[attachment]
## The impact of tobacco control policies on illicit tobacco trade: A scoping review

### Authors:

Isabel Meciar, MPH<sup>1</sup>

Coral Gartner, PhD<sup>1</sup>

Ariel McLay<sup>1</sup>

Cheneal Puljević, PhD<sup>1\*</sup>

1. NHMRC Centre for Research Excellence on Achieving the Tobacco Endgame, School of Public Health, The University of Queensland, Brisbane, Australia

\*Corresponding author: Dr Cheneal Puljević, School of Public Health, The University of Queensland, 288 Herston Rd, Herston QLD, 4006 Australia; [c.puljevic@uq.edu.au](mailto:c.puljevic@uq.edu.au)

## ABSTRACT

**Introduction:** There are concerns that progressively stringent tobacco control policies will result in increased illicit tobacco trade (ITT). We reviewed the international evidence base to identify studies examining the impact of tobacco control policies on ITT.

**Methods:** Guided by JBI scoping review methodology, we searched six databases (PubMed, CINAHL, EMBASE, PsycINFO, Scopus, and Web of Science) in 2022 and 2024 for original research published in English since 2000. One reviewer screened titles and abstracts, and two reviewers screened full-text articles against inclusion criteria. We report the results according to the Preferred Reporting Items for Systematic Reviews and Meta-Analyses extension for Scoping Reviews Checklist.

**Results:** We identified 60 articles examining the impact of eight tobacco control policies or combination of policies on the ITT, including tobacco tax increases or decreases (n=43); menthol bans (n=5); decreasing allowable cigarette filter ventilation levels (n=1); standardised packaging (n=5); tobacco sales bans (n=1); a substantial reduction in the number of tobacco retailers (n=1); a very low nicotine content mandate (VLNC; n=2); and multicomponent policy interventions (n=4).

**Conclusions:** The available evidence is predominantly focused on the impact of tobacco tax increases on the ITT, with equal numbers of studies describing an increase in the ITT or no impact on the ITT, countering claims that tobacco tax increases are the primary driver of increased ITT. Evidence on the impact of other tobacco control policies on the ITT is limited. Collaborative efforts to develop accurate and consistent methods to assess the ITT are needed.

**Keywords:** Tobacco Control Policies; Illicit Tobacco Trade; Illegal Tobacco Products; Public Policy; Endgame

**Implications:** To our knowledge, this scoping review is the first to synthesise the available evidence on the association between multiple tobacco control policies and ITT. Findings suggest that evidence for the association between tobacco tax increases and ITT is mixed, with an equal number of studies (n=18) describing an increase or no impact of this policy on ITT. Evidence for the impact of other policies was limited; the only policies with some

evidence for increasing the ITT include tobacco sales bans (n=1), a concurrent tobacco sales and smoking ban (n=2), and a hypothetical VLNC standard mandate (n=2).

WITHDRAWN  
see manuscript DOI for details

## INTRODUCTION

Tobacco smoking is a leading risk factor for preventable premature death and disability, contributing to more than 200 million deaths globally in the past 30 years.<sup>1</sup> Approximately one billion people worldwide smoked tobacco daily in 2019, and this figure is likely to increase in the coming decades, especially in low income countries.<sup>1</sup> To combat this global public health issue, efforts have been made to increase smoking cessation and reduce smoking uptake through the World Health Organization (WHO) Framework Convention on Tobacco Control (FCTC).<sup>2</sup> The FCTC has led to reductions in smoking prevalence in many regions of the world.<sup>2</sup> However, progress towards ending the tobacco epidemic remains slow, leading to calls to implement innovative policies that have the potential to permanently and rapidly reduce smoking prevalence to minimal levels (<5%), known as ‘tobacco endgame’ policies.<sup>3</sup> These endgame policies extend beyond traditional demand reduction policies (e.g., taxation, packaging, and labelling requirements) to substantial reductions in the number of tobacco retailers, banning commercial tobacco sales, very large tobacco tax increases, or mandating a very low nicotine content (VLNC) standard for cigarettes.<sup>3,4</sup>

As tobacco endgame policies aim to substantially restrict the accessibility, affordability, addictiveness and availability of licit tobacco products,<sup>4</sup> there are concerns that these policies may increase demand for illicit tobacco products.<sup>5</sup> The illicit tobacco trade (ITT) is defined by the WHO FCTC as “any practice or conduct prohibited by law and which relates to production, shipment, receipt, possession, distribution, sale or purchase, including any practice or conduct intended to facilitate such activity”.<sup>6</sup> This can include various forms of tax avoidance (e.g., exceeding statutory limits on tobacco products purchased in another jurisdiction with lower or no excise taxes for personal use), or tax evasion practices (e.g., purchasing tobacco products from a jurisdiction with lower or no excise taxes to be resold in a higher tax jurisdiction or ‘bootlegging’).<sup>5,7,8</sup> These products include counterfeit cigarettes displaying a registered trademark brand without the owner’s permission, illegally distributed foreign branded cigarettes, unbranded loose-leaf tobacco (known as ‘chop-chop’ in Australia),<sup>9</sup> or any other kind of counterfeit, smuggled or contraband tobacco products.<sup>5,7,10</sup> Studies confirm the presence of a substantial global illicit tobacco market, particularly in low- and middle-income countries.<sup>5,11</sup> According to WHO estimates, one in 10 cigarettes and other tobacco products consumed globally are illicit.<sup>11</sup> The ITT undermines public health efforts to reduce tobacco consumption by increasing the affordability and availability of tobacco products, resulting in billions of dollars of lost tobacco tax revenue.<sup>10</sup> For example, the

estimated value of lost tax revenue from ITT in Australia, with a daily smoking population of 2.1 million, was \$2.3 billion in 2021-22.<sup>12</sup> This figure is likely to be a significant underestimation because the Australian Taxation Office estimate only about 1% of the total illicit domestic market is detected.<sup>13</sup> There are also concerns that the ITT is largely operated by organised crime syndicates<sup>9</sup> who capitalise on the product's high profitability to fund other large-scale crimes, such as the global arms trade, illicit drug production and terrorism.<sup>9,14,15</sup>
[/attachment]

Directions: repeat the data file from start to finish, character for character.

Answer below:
## The impact of tobacco control policies on illicit tobacco trade: A scoping review

### Authors:

Isabel Meciar, MPH<sup>1</sup>

Coral Gartner, PhD<sup>1</sup>

Ariel McLay<sup>1</sup>

Cheneal Puljević, PhD<sup>1\*</sup>

1. NHMRC Centre for Research Excellence on Achieving the Tobacco Endgame, School of Public Health, The University of Queensland, Brisbane, Australia

\*Corresponding author: Dr Cheneal Puljević, School of Public Health, The University of Queensland, 288 Herston Rd, Herston QLD, 4006 Australia; [c.puljevic@uq.edu.au](mailto:c.puljevic@uq.edu.au)

## ABSTRACT

**Introduction:** There are concerns that progressively stringent tobacco control policies will result in increased illicit tobacco trade (ITT). We reviewed the international evidence base to identify studies examining the impact of tobacco control policies on ITT.

**Methods:** Guided by JBI scoping review methodology, we searched six databases (PubMed, CINAHL, EMBASE, PsycINFO, Scopus, and Web of Science) in 2022 and 2024 for original research published in English since 2000. One reviewer screened titles and abstracts, and two reviewers screened full-text articles against inclusion criteria. We report the results according to the Preferred Reporting Items for Systematic Reviews and Meta-Analyses extension for Scoping Reviews Checklist.

**Results:** We identified 60 articles examining the impact of eight tobacco control policies or combination of policies on the ITT, including tobacco tax increases or decreases (n=43); menthol bans (n=5); decreasing allowable cigarette filter ventilation levels (n=1); standardised packaging (n=5); tobacco sales bans (n=1); a substantial reduction in the number of tobacco retailers (n=1); a very low nicotine content mandate (VLNC; n=2); and multicomponent policy interventions (n=4).

**Conclusions:** The available evidence is predominantly focused on the impact of tobacco tax increases on the ITT, with equal numbers of studies describing an increase in the ITT or no impact on the ITT, countering claims that tobacco tax increases are the primary driver of increased ITT. Evidence on the impact of other tobacco control policies on the ITT is limited. Collaborative efforts to develop accurate and consistent methods to assess the ITT are needed.

**Keywords:** Tobacco Control Policies; Illicit Tobacco Trade; Illegal Tobacco Products; Public Policy; Endgame

**Implications:** To our knowledge, this scoping review is the first to synthesise the available evidence on the association between multiple tobacco control policies and ITT. Findings suggest that evidence for the association between tobacco tax increases and ITT is mixed, with an equal number of studies (n=18) describing an increase or no impact of this policy on ITT. Evidence for the impact of other policies was limited; the only policies with some

evidence for increasing the ITT include tobacco sales bans (n=1), a concurrent tobacco sales and smoking ban (n=2), and a hypothetical VLNC standard mandate (n=2).

WITHDRAWN  
see manuscript DOI for details

## INTRODUCTION

Tobacco smoking is a leading risk factor for preventable premature death and disability, contributing to more than 200 million deaths globally in the past 30 years.<sup>1</sup> Approximately one billion people worldwide smoked tobacco daily in 2019, and this figure is likely to increase in the coming decades, especially in low income countries.<sup>1</sup> To combat this global public health issue, efforts have been made to increase smoking cessation and reduce smoking uptake through the World Health Organization (WHO) Framework Convention on Tobacco Control (FCTC).<sup>2</sup> The FCTC has led to reductions in smoking prevalence in many regions of the world.<sup>2</sup> However, progress towards ending the tobacco epidemic remains slow, leading to calls to implement innovative policies that have the potential to permanently and rapidly reduce smoking prevalence to minimal levels (<5%), known as ‘tobacco endgame’ policies.<sup>3</sup> These endgame policies extend beyond traditional demand reduction policies (e.g., taxation, packaging, and labelling requirements) to substantial reductions in the number of tobacco retailers, banning commercial tobacco sales, very large tobacco tax increases, or mandating a very low nicotine content (VLNC) standard for cigarettes.<sup>3,4</sup>

As tobacco endgame policies aim to substantially restrict the accessibility, affordability, addictiveness and availability of licit tobacco products,<sup>4</sup> there are concerns that these policies may increase demand for illicit tobacco products.<sup>5</sup> The illicit tobacco trade (ITT) is defined by the WHO FCTC as “any practice or conduct prohibited by law and which relates to production, shipment, receipt, possession, distribution, sale or purchase, including any practice or conduct intended to facilitate such activity”.<sup>6</sup> This can include various forms of tax avoidance (e.g., exceeding statutory limits on tobacco products purchased in another jurisdiction with lower or no excise taxes for personal use), or tax evasion practices (e.g., purchasing tobacco products from a jurisdiction with lower or no excise taxes to be resold in a higher tax jurisdiction or ‘bootlegging’).<sup>5,7,8</sup> These products include counterfeit cigarettes displaying a registered trademark brand without the owner’s permission, illegally distributed foreign branded cigarettes, unbranded loose-leaf tobacco (known as ‘chop-chop’ in Australia),<sup>9</sup> or any other kind of counterfeit, smuggled or contraband tobacco products.<sup>5,7,10</sup> Studies confirm the presence of a substantial global illicit tobacco market, particularly in low- and middle-income countries.<sup>5,11</sup> According to WHO estimates, one in 10 cigarettes and other tobacco products consumed globally are illicit.<sup>11</sup> The ITT undermines public health efforts to reduce tobacco consumption by increasing the affordability and availability of tobacco products, resulting in billions of dollars of lost tobacco tax revenue.<sup>10</sup> For example, the

estimated value of lost tax revenue from ITT in Australia, with a daily smoking population of 2.1 million, was \$2.3 billion in 2021-22.<sup>12</sup> This figure is likely to be a significant underestimation because the Australian Taxation Office estimate only about 1% of the total illicit domestic market is detected.<sup>13</sup> There are also concerns that the ITT is largely operated by organised crime syndicates<sup>9</sup> who capitalise on the product's high profitability to fund other large-scale crimes, such as the global arms trade, illicit drug production and terrorism.<sup>9,14,15</sup>